The most radical thing a woman can do is live.
Under the Visible Life is the story of two women, Mahsa Weaver and Katherine Goodnow, who have two things in common: 1) jazz 2) their mixed heritage and the issues which have come with it.
Mahsa’s born in Karachi to an Afghan mother and an American father who’s come to Afghanistan to work on the dam projects.
From the beginning my parents were teetering on their own brink. I did not have them for long. They were murdered when I was thirteen.
Murdered by her mother’s half-brothers following the death of their father. The men are questioned and released. After being hidden for seven days, Mahsa goes to live with her Aunt and Uncle.
The day before he was shot, Abbu had taken me to Clifton Road to a little shop where anyone could make a record for ten rupees. I played a tune I made up…and they pressed it into a little 45 record…The woman printing the label asked what was the title of my tune. I had not thought of a name so I said, That is called “Abbu’s Song”, and his face flushed and he put his long arm around my shoulders and said, Thank you, Porcupine. That is the best gift I ever received. In this way I learned how important my music could be.
Her Aunt persuades her Uncle to allow her to stay in school and to go to the 007 club on weekends to practice the piano. When they discover she’s met a boy, they send her away to Montreal to university.
Katherine’s taken from her mother at three months old. Her mother’s sent to the Belmont reformatory because she’s living with Katherine’s father, a Chinese migrant worker. At six months, Katherine’s moved to a children’s home and then a foster home when she’s a year old. Nine months later, her mother’s out of Belmont and, despite the social worker’s efforts, bringing Katherine home to NYC with her.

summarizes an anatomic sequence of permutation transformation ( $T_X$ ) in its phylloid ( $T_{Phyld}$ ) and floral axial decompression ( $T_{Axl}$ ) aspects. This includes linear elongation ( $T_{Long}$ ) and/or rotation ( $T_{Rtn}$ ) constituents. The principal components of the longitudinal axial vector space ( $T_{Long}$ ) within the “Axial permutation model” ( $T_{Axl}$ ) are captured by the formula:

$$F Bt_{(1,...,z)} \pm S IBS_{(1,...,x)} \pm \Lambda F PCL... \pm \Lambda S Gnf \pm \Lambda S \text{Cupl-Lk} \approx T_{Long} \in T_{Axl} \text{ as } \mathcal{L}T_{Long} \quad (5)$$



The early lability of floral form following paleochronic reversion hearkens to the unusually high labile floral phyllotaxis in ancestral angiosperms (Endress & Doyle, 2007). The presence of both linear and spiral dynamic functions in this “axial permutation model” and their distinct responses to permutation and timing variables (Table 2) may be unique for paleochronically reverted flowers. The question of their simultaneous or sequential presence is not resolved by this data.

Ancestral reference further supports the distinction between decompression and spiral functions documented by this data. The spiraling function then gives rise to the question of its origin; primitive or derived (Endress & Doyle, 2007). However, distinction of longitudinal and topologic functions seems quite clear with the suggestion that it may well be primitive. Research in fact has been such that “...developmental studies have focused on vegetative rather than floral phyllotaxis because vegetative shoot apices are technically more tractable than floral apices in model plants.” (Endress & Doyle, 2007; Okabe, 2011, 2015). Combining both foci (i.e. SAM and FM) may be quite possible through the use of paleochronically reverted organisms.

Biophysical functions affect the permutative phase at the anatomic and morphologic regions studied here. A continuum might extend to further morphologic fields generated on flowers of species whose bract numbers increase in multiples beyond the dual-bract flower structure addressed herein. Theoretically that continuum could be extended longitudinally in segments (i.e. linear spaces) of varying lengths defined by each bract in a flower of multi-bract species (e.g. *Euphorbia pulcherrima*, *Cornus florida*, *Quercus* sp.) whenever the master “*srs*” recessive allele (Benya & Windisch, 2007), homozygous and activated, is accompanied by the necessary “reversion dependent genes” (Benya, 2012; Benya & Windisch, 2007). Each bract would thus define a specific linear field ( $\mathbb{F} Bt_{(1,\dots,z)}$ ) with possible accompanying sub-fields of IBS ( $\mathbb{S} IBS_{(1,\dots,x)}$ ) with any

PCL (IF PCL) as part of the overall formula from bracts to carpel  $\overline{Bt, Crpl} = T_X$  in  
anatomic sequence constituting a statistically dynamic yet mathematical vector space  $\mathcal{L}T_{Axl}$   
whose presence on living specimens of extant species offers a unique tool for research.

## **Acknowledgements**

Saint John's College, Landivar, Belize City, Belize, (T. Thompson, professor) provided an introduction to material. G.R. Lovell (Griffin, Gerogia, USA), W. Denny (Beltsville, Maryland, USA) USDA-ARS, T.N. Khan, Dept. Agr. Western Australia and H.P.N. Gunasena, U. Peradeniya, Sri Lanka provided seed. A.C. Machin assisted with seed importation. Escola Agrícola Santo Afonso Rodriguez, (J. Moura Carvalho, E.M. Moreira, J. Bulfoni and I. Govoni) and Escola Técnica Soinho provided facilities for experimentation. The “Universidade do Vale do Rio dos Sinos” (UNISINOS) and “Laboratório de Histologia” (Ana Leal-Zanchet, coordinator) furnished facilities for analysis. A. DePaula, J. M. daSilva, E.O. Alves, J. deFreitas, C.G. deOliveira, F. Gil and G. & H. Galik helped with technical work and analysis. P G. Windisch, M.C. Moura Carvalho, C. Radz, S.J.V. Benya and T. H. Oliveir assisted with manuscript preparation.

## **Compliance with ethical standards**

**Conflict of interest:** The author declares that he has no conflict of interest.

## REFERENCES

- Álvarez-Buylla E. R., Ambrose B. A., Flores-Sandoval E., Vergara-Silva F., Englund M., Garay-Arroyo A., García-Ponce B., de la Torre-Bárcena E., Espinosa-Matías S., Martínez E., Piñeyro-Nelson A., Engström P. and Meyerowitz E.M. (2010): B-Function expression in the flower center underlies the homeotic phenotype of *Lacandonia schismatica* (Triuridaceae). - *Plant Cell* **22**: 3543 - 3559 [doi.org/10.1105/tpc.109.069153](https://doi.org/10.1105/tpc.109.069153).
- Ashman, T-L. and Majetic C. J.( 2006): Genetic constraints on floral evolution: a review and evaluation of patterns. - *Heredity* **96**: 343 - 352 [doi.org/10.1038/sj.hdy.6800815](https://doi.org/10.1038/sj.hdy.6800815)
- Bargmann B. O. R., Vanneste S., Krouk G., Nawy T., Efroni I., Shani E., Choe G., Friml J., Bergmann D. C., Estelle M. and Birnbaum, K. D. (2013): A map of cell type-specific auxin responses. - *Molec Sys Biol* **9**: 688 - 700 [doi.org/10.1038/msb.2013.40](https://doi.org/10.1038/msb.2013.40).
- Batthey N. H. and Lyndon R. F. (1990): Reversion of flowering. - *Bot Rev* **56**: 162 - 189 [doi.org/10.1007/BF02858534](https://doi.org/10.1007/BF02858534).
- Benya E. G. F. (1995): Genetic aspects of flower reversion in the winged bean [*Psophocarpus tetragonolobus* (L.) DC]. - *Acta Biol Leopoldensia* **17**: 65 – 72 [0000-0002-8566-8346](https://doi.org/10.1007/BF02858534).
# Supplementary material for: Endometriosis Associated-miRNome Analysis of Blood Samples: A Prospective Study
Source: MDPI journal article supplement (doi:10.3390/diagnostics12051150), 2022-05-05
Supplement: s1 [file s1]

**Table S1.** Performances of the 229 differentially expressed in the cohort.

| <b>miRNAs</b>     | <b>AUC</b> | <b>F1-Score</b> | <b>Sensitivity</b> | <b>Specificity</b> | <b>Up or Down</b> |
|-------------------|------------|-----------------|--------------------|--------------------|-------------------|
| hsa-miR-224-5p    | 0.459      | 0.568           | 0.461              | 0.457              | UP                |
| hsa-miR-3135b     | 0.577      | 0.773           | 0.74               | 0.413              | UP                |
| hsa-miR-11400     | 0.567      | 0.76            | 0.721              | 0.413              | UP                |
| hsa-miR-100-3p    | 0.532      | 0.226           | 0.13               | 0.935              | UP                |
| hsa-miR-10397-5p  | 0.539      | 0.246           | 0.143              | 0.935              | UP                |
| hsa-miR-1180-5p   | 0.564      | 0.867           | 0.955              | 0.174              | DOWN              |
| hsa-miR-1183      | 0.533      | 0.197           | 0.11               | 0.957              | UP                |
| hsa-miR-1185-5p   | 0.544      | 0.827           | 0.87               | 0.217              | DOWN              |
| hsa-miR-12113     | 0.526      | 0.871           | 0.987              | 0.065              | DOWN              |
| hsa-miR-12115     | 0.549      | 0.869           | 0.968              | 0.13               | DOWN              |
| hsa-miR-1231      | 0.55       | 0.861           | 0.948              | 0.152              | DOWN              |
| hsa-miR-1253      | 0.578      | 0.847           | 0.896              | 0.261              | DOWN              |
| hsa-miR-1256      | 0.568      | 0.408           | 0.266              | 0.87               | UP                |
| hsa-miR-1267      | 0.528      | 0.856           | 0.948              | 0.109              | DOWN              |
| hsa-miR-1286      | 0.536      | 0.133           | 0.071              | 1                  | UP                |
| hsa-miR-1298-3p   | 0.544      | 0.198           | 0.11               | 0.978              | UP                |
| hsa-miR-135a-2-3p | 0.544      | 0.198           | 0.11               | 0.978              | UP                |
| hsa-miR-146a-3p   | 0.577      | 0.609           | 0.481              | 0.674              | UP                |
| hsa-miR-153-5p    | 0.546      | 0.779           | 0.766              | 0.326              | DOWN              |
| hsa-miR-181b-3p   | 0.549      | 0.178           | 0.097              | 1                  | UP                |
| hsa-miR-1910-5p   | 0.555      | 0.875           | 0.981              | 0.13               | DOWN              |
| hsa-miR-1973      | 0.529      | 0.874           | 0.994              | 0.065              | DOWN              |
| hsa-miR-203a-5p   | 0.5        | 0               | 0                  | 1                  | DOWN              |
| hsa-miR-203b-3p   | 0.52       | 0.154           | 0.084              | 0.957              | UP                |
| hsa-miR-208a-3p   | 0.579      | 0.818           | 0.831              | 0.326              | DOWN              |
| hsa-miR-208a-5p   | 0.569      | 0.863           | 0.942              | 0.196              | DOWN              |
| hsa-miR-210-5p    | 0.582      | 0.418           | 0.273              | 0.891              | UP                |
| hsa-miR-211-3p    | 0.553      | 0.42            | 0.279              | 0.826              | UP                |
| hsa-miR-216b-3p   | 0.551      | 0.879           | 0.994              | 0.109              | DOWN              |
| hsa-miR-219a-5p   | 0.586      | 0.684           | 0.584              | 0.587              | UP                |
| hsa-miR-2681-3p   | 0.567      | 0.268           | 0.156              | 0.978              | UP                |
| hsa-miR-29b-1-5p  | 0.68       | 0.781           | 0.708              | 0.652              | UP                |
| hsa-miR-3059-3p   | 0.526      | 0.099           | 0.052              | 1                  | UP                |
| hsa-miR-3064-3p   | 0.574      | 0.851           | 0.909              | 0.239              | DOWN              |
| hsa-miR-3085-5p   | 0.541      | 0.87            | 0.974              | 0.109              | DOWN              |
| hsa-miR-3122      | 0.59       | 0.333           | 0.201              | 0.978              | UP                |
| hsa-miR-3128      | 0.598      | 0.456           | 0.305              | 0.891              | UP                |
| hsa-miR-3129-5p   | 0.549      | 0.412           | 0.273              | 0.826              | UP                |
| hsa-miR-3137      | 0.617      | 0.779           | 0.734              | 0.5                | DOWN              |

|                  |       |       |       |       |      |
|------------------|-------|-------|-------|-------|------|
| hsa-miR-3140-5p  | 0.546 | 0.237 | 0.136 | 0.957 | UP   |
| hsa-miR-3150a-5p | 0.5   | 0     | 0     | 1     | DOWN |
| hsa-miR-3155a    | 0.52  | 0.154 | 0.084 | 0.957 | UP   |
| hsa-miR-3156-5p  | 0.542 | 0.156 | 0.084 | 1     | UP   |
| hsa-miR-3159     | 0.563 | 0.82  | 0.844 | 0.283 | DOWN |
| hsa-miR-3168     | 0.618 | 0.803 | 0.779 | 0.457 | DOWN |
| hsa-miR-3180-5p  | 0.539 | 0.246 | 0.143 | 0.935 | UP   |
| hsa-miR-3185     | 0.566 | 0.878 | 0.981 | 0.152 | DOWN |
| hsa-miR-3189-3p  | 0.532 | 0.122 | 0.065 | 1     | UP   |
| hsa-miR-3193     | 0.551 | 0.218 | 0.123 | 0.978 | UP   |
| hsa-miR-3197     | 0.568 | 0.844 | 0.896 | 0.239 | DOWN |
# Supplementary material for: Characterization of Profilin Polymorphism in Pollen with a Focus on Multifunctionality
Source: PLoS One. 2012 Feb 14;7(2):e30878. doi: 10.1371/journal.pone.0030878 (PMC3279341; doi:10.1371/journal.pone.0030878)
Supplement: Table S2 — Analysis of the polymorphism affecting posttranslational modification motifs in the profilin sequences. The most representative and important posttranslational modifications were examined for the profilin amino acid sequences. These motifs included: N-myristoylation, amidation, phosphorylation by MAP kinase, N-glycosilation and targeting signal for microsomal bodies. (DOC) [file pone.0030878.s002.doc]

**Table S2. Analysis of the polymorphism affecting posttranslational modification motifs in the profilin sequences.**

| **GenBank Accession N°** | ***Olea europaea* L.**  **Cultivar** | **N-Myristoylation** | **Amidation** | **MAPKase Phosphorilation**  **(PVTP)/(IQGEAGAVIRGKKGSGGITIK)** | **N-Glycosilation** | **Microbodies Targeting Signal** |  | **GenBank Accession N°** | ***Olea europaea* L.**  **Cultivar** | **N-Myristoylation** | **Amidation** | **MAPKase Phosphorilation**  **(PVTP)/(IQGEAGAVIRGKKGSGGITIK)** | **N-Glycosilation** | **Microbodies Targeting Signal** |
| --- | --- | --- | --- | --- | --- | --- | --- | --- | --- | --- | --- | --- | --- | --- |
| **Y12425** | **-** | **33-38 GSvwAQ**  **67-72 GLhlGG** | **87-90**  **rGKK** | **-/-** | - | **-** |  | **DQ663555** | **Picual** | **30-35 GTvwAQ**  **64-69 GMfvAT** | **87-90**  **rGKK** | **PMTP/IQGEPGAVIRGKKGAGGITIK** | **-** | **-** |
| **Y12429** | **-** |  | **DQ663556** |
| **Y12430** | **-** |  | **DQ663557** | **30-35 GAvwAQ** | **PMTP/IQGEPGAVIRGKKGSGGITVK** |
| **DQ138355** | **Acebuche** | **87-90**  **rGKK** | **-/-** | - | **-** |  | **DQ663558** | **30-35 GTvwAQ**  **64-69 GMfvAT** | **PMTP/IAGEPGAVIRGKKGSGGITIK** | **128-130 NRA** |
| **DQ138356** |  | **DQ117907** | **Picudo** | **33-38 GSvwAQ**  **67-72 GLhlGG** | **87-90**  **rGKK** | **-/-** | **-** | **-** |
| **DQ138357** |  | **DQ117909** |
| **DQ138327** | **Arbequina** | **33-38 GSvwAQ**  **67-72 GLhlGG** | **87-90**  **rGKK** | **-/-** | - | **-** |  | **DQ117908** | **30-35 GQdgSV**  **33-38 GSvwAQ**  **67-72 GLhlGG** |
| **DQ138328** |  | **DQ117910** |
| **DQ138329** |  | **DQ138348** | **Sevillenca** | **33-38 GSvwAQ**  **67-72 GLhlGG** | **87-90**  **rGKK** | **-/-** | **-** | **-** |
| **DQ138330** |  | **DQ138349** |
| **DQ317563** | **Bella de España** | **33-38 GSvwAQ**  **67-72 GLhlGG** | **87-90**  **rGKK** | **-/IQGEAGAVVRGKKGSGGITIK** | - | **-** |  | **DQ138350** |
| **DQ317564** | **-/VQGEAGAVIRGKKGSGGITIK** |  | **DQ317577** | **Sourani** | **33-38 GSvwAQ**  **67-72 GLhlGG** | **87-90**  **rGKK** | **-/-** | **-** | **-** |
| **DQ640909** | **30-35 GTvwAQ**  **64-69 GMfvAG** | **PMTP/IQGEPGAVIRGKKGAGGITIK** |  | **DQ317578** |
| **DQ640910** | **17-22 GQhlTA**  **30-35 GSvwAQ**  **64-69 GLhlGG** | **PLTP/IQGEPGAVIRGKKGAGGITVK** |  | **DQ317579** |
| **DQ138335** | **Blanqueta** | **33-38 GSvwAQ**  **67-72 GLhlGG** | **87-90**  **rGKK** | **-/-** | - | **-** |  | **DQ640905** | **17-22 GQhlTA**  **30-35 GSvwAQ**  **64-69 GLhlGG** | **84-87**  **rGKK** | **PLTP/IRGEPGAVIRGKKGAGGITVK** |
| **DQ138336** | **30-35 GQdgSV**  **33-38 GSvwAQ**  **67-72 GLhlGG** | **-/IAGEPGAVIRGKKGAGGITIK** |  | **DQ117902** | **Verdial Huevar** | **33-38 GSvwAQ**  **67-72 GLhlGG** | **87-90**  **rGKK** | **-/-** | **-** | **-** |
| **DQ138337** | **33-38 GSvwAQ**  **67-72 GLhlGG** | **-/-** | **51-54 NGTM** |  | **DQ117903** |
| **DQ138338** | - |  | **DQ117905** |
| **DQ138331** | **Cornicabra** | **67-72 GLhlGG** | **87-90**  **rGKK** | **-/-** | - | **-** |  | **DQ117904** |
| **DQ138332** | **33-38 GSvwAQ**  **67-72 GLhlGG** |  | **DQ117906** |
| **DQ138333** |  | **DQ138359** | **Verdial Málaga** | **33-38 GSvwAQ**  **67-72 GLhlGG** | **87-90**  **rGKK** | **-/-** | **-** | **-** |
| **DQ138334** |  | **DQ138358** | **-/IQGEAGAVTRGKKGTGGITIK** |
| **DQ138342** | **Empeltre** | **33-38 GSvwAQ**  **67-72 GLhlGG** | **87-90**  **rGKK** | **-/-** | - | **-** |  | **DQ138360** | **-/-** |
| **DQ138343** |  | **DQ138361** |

She always talked about being independent, as if it were some kind of specialised state not available to most women.
As a child, Katherine overhears her mother’s conversations with Nan, their neighbour, and begins to realise her sacrifices:
I hung around and listened because I never knew things about Ma like she wanted money and a shop. I thought she liked our life. Why didn’t she tell me what she wanted?
Ma’s solution about a lot of things was to lock up her heart and keep her real self hidden. How many women have done that to protect their children? To make their own lives possible?
At fourteen, Katherine spends the summer in the hotel her mother works in. There she befriends Harold Kudlets, talent agent, and hears Tommy Dorsey, Duke Ellington, Jack Teagarden and Bobby Hackett when her mum works nights. She teaches herself to play piano then, at sixteen, when her mum’s depressed and unable to leave the apartment, Katherine starts sneaking out to play with jazz bands.
Mahsa and Katherine meet when Mahsa takes a trip to New York and they end up playing on the same bill. It’s the beginning of a life-long friendship which will take in relationships, children, babies and jazz.
I opened Under the Visible Life concerned that it would be a Western take on Middle Eastern society and that I’d find it stereotypical and frustrating. What I found was a story of two women who want independence but are prevented from having it in different ways. There is consideration of the culture clash between Afghanistan and Canada – although it largely works to highlight the hypocrisy of Mahsa’s relatives – but the novel’s main interest is in the position of women in patriarchal societies. Women are controlled or abandoned. Either way, they are expected to conform while men can behave as they wish.
Echlin’s prose is clean and precise. There are piercing statements about what it’s like to be a woman on almost every page:
Ma and Nan began to seem insignificant to me. Wasting time drinking coffee. Sitting with cards and cigarettes. Most women were insignificant.
I was wondering how I could go on with the loud ticking of that man’s time bomb inside me and how I could go on without it.
Raising our kids, everything was urgent and necessary, and it took twenty years of attentiveness. Then it was done. Like crumbs on a table. Wipe. Gone.
I was completely wrapped up in Masha and Katherine’s stories. It didn’t hurt that I’m a fan of jazz music and New York, but it was the trajectory of the women’s lives and the sacrifices they made – whether intentional or circumstantial (within which I include those sacrifices women make because society expects it) – that had me gripped. It was the first time since Americanah that I simultaneously wanted to keep reading and didn’t want the novel to end. The two protagonists are so vividly drawn I felt as though I knew them.
Under the Visible Life is a brilliant book and a definite for my books of the year.
Thanks to Serpent’s Tail for the review copy.